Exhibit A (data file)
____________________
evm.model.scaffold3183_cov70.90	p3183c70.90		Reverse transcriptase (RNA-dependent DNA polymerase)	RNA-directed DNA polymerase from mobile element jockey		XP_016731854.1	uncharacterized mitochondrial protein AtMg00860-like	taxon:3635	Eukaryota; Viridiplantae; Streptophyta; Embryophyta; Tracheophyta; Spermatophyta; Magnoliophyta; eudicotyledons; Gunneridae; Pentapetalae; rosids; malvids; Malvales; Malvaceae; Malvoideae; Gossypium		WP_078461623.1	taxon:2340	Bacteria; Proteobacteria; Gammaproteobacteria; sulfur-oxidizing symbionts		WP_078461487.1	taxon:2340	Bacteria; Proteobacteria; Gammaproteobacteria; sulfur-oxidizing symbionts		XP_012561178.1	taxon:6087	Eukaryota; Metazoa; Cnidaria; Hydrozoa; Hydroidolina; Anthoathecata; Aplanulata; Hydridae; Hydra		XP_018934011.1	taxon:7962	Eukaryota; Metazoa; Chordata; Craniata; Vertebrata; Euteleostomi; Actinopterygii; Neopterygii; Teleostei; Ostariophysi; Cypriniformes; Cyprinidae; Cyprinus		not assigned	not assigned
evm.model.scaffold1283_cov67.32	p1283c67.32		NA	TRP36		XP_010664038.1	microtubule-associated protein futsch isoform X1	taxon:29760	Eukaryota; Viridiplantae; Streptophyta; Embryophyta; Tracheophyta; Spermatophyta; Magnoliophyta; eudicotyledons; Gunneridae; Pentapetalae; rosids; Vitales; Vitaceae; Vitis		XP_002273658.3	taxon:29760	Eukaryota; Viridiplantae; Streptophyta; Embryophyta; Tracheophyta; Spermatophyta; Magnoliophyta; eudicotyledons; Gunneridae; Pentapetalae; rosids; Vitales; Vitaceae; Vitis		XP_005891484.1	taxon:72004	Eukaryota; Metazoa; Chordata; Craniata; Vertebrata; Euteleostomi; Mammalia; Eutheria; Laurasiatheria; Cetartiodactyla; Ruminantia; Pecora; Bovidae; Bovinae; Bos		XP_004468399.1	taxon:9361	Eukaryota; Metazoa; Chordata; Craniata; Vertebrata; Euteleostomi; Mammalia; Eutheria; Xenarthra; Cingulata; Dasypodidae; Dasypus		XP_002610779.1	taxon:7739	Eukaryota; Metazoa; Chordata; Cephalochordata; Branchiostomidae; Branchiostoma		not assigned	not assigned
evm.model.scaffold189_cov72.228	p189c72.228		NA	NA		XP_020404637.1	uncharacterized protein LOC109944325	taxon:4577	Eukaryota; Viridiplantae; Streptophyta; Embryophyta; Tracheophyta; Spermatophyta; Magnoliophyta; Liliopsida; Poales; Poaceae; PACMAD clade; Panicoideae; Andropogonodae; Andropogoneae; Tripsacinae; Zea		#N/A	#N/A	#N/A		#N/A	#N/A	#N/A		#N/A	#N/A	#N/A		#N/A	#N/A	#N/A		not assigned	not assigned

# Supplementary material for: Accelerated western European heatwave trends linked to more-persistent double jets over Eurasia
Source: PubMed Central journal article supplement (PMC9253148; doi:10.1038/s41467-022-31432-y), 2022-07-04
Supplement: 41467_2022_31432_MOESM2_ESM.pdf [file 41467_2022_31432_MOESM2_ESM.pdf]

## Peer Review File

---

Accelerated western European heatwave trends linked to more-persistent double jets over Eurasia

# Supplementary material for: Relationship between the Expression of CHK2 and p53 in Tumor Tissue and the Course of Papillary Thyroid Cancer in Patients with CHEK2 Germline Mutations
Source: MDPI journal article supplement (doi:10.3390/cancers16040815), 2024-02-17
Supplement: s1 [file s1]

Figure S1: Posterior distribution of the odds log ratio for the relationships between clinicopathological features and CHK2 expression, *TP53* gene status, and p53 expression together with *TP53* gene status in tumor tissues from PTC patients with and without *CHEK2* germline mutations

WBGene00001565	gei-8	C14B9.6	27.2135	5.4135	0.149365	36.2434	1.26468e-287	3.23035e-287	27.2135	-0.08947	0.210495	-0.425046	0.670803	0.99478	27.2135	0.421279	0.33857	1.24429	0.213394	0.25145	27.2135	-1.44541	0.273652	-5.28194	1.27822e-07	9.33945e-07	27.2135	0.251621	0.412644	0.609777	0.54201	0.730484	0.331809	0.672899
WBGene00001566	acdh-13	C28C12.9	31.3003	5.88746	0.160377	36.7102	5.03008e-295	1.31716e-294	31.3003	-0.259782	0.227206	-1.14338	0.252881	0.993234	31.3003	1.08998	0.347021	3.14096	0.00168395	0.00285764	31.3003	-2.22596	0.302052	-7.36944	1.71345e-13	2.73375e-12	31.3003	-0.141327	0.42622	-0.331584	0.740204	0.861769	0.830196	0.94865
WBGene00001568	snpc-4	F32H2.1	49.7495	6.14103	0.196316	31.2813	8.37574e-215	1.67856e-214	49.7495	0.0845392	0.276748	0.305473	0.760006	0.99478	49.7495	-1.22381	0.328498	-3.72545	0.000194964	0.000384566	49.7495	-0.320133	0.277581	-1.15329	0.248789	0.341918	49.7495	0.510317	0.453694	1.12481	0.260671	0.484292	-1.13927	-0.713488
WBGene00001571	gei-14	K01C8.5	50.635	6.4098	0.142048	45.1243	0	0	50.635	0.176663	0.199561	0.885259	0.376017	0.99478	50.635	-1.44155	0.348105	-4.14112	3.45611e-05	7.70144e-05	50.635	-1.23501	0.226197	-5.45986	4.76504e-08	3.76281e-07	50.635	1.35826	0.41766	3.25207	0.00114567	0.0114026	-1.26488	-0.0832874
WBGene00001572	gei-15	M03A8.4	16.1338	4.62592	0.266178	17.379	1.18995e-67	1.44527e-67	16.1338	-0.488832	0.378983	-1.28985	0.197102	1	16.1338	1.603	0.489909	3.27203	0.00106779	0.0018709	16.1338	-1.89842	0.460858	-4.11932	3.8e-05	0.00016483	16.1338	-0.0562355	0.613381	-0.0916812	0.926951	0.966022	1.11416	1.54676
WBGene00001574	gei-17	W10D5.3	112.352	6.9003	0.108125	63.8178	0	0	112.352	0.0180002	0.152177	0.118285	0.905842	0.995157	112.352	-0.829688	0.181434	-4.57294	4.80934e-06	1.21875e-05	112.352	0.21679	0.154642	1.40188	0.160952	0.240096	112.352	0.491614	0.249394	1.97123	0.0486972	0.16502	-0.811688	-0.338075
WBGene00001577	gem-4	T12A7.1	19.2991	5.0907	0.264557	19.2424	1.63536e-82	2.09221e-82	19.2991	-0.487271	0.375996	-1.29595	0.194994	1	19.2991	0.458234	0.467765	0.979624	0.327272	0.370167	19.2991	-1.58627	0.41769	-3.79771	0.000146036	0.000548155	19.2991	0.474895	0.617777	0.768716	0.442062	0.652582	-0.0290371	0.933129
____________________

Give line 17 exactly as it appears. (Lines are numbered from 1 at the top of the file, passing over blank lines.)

WBGene00001571	gei-14	K01C8.5	50.635	6.4098	0.142048	45.1243	0	0	50.635	0.176663	0.199561	0.885259	0.376017	0.99478	50.635	-1.44155	0.348105	-4.14112	3.45611e-05	7.70144e-05	50.635	-1.23501	0.226197	-5.45986	4.76504e-08	3.76281e-07	50.635	1.35826	0.41766	3.25207	0.00114567	0.0114026	-1.26488	-0.0832874